Letter to a Son | Analysis
Charles Mungoshi was well-known for his versatility as a writer. As we can see in Letter to a Son, his simple language and subtle yet to-the-point tone make it easy for readers to follow his work. The themes of this poem are familial bonds and duties, indirect chastising and rather indistinct conflict. Because it is a letter, it is written in second-person, directed towards the son. Despite knowing this, the constant use of the word ‘you’ and the familiarity of the mother’s writing creates a deeper connection between the reader and the poem, forming a sense of relatability and attachment. It also stirs in the reader an amount of empathy and compassion for the family. The poem is written in free-verse, divided into three uneven stanzas. We see the use of enjambment, as several sentences are split into lines within the stanza, forming a flow without punctuation in some areas.
Letter to a Son by Charles Mungoshi | Analysis, Lines 1-4
Now the pumpkin is ripe.
We are only a few days
from the year’s first mealie cob.
The cows are giving us lots of milk.
The letter begins with the mother describing the setting and what has changed since she last wrote to her son. “Now the pumpkin is ripe. We are only a few days from the year’s first mealie cob.”- this line is cleverly placed as it immediately forms a seasonal image in the reader’s mind. We understand the time of year at which this letter was written, and this is important as several references to seasons are made throughout the letter. These hints of the time that has passed is a way of marking how long it has been since Tambu, the son, has visited home. This also aids the reproachful tone of the mother, as it attempts to remind the son of his home through nostalgic descriptions– once again, a subtle hint that she wants him home, rather than an outright request. This sets the pace for the rest of the letter and forms an imagery for the readers.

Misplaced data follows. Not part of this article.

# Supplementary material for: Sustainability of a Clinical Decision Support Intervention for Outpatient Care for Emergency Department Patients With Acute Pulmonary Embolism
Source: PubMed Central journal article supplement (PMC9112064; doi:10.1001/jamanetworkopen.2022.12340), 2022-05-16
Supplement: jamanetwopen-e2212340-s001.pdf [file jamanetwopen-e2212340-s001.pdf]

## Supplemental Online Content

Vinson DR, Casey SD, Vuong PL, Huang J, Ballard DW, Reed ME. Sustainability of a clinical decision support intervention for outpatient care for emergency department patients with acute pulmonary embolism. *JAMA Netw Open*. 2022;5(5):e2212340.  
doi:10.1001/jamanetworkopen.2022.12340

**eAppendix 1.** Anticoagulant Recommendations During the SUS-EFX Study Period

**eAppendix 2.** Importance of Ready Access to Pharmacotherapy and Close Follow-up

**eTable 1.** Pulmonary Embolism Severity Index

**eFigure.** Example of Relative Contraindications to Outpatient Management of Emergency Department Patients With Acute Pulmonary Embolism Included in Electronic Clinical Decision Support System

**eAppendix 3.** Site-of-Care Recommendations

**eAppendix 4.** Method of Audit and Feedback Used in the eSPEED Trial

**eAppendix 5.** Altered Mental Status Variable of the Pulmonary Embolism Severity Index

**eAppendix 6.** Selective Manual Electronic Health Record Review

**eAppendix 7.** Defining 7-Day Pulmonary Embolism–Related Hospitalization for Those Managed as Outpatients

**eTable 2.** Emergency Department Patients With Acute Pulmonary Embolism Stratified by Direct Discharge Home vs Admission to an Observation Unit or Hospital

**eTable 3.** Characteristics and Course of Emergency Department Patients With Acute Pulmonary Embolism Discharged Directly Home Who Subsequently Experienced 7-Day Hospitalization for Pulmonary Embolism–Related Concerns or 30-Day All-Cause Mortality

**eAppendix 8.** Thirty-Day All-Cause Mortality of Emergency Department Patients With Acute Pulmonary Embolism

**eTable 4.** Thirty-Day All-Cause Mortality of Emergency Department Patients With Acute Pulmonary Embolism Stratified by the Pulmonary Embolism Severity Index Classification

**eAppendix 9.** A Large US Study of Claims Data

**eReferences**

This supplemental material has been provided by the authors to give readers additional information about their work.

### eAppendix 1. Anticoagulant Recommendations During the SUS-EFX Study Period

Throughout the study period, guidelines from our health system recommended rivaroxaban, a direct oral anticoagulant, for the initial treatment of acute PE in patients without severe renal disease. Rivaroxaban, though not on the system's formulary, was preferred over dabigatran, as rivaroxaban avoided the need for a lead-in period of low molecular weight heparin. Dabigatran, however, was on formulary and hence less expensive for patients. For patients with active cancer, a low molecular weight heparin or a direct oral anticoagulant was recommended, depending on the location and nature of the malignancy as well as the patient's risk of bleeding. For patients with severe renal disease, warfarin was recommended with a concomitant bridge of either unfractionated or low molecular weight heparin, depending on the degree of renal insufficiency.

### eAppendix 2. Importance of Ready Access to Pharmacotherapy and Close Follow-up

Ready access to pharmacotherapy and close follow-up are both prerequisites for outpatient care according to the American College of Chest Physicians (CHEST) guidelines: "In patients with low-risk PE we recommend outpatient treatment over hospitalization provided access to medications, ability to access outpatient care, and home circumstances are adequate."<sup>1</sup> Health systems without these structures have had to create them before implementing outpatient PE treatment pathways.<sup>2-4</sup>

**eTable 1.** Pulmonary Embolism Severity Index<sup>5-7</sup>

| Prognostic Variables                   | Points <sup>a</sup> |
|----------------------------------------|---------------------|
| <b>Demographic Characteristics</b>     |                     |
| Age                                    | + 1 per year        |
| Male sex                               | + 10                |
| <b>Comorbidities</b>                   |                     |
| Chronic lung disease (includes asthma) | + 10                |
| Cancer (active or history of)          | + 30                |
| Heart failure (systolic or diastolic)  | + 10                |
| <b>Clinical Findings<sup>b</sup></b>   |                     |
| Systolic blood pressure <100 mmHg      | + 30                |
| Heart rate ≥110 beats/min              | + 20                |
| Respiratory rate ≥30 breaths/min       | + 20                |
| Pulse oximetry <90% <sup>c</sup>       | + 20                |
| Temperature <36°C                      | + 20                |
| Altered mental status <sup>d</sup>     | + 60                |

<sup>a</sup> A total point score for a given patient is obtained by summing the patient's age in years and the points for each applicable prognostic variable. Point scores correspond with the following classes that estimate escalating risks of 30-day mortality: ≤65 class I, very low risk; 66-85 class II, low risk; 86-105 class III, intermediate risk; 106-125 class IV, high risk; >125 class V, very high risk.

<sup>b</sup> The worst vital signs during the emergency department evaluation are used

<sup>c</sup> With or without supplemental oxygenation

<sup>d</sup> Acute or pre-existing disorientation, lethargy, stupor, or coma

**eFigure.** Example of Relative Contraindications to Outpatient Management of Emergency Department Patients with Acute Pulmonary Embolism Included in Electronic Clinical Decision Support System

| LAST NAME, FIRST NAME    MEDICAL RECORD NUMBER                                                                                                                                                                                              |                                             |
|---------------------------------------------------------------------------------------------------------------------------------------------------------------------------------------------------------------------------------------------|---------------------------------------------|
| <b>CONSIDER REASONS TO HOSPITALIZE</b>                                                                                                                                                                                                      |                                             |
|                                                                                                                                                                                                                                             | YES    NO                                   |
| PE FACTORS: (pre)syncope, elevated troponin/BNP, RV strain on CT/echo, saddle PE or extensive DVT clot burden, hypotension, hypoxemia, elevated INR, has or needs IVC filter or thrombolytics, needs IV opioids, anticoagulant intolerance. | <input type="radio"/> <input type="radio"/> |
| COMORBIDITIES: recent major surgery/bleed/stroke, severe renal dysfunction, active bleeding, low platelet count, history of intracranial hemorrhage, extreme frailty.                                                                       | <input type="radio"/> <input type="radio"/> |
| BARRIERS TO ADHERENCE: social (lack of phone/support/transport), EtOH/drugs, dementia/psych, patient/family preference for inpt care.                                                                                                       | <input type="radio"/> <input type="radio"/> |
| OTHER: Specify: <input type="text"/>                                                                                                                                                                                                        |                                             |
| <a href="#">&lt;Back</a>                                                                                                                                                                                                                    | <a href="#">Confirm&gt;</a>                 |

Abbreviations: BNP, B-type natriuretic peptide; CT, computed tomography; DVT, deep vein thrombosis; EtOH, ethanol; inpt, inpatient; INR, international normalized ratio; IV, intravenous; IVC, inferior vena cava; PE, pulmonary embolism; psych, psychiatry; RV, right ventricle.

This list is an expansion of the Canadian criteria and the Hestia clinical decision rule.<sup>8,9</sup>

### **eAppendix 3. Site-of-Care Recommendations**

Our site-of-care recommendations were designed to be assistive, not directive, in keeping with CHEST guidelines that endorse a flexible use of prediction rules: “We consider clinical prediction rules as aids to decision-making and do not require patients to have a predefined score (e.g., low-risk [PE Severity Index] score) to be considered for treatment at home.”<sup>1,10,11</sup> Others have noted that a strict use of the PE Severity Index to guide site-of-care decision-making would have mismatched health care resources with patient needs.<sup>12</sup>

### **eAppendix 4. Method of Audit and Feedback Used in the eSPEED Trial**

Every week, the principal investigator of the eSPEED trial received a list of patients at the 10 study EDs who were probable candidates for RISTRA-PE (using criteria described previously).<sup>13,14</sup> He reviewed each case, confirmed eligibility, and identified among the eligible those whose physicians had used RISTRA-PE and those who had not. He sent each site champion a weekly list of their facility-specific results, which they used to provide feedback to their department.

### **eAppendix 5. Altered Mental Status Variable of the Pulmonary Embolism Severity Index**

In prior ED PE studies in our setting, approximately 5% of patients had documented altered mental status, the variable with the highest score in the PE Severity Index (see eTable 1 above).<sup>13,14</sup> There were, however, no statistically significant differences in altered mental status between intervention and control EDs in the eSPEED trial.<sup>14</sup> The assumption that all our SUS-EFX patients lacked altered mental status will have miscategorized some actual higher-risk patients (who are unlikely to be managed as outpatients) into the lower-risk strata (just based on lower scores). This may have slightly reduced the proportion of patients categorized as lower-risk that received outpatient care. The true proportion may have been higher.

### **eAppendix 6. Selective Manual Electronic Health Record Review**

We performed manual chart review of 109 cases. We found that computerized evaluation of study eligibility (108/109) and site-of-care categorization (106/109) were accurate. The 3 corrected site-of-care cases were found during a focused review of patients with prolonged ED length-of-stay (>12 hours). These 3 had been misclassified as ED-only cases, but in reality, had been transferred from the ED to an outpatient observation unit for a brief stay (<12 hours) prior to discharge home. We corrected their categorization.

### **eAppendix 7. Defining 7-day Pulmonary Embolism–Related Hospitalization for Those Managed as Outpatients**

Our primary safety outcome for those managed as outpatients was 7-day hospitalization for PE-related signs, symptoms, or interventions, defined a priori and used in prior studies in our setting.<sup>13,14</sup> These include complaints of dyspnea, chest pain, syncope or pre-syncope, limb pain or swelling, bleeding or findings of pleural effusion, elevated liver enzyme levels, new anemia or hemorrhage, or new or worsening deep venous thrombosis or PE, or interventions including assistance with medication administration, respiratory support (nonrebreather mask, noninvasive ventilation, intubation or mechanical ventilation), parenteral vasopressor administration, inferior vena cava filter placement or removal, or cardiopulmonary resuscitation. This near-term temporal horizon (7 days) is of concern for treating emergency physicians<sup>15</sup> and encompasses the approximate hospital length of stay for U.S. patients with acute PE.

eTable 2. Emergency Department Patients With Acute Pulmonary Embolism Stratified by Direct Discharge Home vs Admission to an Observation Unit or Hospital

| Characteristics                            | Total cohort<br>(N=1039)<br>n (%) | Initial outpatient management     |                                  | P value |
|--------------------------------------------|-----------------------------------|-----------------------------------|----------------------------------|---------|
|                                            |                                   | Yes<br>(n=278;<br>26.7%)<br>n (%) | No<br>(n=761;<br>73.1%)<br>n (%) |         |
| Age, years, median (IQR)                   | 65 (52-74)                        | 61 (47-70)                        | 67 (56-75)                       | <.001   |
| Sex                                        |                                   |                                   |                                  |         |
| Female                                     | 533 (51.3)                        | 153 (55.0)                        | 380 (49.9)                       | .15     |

Letter to a Son | Analysis, Lines 5 – 11
Taken in the round it isn’t a bad year at all –
if it weren’t for your father.
Your father’s back is back again
and all the work has fallen on my shoulders.